It’s odd how many people manage to miss it – blame it on the t-shirts – as it’s one of Samui’s most impressive buildings, and deservedly so. The temple was built by Hainanese immigrants when they came to Koh Samui, around the beginning of the 20th Century. It’s covered in bright murals and you’re welcome to step inside, where you’ll find a number of mini-shrines, all finely decorated, along with gods, goddesses and mythical animals. The temple is still a focus of attention, and plays an important part in Nathon life. Don’t be fooled by the goats grazing in the field outside or the washing drying outside the nearby houses – this is the cultural and geographical centre of the town.

          

If you go back to the ring-road and continue a little way along it, you’ll come to a large covered market on the left, teeming with people and with colourful produce stacked high on stalls. Here you can stock up on cheap and delicious fruit; it comes from farms and orchards on Samui as well as from mainland Suratthani. A bit further on you’ll come to Tang Restaurant, known for its delicious food, where you can enjoy a meal for around 80 baht.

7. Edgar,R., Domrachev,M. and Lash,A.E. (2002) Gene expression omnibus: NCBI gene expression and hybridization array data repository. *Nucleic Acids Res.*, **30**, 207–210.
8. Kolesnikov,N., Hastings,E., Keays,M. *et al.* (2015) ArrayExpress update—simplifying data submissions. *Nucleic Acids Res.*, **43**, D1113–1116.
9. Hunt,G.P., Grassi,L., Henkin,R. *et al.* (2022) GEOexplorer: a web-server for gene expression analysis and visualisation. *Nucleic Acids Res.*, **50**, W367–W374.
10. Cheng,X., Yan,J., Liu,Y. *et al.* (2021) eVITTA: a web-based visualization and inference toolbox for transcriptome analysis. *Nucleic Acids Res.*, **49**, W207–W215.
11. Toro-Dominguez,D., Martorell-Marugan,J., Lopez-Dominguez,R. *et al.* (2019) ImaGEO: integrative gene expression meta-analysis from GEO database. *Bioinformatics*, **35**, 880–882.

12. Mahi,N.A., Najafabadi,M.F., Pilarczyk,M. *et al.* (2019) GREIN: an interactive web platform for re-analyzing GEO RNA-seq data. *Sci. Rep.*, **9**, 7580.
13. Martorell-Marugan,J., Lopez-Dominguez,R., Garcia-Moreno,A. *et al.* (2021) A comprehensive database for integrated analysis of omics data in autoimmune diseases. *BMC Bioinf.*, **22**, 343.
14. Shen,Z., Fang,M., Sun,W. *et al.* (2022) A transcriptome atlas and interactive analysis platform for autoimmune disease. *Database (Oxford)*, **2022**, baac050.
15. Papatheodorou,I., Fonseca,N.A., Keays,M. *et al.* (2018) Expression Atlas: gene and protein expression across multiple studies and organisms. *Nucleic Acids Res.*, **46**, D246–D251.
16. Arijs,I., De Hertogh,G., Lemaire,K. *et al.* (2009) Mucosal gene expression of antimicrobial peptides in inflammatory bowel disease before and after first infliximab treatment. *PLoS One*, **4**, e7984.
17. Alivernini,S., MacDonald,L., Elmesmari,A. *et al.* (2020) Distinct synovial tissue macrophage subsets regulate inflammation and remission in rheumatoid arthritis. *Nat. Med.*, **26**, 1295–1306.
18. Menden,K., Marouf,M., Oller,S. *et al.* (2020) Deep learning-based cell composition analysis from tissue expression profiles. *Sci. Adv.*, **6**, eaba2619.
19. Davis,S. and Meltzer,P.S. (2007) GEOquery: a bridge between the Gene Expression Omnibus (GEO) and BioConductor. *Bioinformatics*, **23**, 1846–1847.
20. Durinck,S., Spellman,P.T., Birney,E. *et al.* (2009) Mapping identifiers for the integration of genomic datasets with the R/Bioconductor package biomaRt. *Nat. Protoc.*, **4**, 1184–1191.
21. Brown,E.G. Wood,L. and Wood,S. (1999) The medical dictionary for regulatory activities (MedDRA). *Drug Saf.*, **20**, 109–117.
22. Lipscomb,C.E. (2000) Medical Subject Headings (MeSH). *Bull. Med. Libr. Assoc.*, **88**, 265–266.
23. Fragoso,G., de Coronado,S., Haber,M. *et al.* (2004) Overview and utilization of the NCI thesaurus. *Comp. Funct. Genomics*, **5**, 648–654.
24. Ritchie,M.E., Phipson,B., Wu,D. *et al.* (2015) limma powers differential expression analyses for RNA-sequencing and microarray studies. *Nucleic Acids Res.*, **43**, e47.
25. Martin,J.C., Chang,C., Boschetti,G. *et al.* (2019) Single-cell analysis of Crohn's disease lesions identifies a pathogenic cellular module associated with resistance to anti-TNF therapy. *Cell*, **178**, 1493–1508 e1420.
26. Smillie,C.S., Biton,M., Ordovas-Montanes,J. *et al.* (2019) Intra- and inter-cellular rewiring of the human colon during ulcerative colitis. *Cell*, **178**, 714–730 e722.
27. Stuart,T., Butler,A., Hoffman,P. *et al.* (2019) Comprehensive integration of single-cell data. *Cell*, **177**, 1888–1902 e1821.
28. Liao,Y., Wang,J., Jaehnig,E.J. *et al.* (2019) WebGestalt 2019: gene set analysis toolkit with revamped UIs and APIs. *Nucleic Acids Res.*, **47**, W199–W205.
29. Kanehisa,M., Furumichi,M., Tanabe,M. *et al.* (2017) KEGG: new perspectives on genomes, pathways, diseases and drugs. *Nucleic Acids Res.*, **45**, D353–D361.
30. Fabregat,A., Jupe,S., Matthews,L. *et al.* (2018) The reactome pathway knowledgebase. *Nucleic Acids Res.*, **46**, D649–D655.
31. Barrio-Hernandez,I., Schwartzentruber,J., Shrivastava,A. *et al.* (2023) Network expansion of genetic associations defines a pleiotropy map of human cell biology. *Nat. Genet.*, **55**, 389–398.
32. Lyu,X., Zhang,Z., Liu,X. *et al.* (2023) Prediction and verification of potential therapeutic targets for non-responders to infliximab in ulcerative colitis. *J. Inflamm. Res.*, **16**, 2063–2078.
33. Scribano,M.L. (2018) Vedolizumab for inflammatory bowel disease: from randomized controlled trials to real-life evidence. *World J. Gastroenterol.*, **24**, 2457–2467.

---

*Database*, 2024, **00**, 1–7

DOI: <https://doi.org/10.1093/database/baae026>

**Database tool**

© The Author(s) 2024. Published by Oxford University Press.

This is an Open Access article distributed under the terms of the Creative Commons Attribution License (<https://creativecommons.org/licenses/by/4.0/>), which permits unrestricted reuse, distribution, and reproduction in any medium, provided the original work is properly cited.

Head back to the Thanachart Bank, cross the ring-road and you’ll be in a small road which goes down to the sea. In this lane you’ll find two shops selling all manner of bags, rucksacks and suitcases – again prices are cheap. Take the first turn on the left and you’ll find yourself in what’s called Middle Street. It has some fine examples of Chinese shophouses, all made of wood and featuring interiors that seem to have hardly changed over the years. A stroll through Samui’s capital, Nathon, will always add something special to your holiday.Were it not for the cars and bikes parked outside, you might believe you’d suddenly stepped back a few decades in time.